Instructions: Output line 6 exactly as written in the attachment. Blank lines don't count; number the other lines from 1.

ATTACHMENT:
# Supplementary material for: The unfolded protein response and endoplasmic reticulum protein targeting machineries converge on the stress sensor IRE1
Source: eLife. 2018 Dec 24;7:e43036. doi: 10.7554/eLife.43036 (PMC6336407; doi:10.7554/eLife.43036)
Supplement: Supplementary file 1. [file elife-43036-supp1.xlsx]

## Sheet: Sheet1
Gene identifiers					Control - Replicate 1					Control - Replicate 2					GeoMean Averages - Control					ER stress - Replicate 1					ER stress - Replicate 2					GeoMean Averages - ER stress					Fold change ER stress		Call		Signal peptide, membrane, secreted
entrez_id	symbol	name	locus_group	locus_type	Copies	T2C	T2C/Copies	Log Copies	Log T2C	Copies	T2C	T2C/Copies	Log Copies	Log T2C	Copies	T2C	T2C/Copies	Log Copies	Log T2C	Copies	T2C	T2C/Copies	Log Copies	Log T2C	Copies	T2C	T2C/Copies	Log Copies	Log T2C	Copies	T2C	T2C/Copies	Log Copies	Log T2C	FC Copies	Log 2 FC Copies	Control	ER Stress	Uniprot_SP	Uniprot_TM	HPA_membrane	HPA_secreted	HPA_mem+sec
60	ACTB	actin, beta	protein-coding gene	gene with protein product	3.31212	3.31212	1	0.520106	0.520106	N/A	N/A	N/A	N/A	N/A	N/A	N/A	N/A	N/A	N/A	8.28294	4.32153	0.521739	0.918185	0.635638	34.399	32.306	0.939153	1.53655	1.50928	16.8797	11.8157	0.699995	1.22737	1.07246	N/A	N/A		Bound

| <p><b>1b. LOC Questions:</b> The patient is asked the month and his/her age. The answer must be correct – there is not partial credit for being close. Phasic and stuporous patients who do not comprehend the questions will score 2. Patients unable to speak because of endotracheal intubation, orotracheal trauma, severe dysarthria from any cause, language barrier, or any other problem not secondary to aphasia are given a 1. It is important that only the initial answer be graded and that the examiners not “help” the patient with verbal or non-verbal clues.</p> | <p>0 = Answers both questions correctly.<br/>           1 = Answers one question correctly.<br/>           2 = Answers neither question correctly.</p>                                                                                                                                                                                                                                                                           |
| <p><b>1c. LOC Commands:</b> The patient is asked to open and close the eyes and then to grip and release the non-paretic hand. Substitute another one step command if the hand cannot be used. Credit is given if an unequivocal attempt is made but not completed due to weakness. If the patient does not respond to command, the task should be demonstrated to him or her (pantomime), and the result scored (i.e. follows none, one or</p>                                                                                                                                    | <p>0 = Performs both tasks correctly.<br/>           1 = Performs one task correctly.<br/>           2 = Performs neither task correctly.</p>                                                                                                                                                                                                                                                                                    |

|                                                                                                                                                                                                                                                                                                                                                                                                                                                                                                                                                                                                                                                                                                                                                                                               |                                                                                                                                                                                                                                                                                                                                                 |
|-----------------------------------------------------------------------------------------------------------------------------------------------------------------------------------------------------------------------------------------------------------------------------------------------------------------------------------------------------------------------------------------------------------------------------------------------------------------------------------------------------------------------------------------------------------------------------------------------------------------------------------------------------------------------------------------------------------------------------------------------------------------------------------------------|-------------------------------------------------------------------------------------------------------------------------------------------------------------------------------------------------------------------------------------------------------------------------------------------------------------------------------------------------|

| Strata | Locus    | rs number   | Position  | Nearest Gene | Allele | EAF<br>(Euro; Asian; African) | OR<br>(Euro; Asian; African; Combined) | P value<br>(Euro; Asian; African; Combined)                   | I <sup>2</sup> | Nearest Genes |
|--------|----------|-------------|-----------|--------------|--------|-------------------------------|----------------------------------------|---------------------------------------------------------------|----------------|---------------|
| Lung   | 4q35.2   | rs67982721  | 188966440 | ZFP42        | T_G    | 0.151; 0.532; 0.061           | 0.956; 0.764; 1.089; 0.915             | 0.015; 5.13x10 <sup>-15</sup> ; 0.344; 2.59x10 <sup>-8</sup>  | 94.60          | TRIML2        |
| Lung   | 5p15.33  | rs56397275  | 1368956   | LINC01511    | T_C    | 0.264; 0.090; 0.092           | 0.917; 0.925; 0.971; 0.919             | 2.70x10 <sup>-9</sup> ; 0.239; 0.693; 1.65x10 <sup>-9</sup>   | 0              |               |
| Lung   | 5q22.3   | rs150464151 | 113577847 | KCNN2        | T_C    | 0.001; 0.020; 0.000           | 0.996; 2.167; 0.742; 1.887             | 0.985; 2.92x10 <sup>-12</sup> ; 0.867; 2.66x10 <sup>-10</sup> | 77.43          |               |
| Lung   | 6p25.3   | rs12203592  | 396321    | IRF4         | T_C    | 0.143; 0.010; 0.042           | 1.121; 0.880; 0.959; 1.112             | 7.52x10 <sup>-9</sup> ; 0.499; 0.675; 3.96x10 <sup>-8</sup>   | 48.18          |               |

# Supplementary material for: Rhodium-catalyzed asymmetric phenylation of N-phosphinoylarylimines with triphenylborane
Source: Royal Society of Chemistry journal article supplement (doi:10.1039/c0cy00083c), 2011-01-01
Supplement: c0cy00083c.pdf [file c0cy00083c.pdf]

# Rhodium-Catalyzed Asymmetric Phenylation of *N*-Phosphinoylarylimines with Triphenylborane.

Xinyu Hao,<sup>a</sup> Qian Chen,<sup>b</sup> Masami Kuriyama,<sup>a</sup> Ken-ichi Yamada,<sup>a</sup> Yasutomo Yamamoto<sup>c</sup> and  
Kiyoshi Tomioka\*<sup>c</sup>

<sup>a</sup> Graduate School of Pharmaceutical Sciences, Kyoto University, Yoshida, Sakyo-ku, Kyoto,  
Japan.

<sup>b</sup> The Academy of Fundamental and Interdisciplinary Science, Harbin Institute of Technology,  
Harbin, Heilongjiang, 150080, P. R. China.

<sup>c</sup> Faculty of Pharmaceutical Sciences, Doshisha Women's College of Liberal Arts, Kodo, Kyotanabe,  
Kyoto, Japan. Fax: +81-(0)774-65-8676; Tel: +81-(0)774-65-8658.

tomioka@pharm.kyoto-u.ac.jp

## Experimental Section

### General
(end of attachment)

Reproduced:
entrez_id	symbol	name	locus_group	locus_type	Copies	T2C	T2C/Copies	Log Copies	Log T2C	Copies	T2C	T2C/Copies	Log Copies	Log T2C	Copies	T2C	T2C/Copies	Log Copies	Log T2C	Copies	T2C	T2C/Copies	Log Copies	Log T2C	Copies	T2C	T2C/Copies	Log Copies	Log T2C	Copies	T2C	T2C/Copies	Log Copies	Log T2C	FC Copies	Log 2 FC Copies	Control	ER Stress	Uniprot_SP	Uniprot_TM	HPA_membrane	HPA_secreted	HPA_mem+sec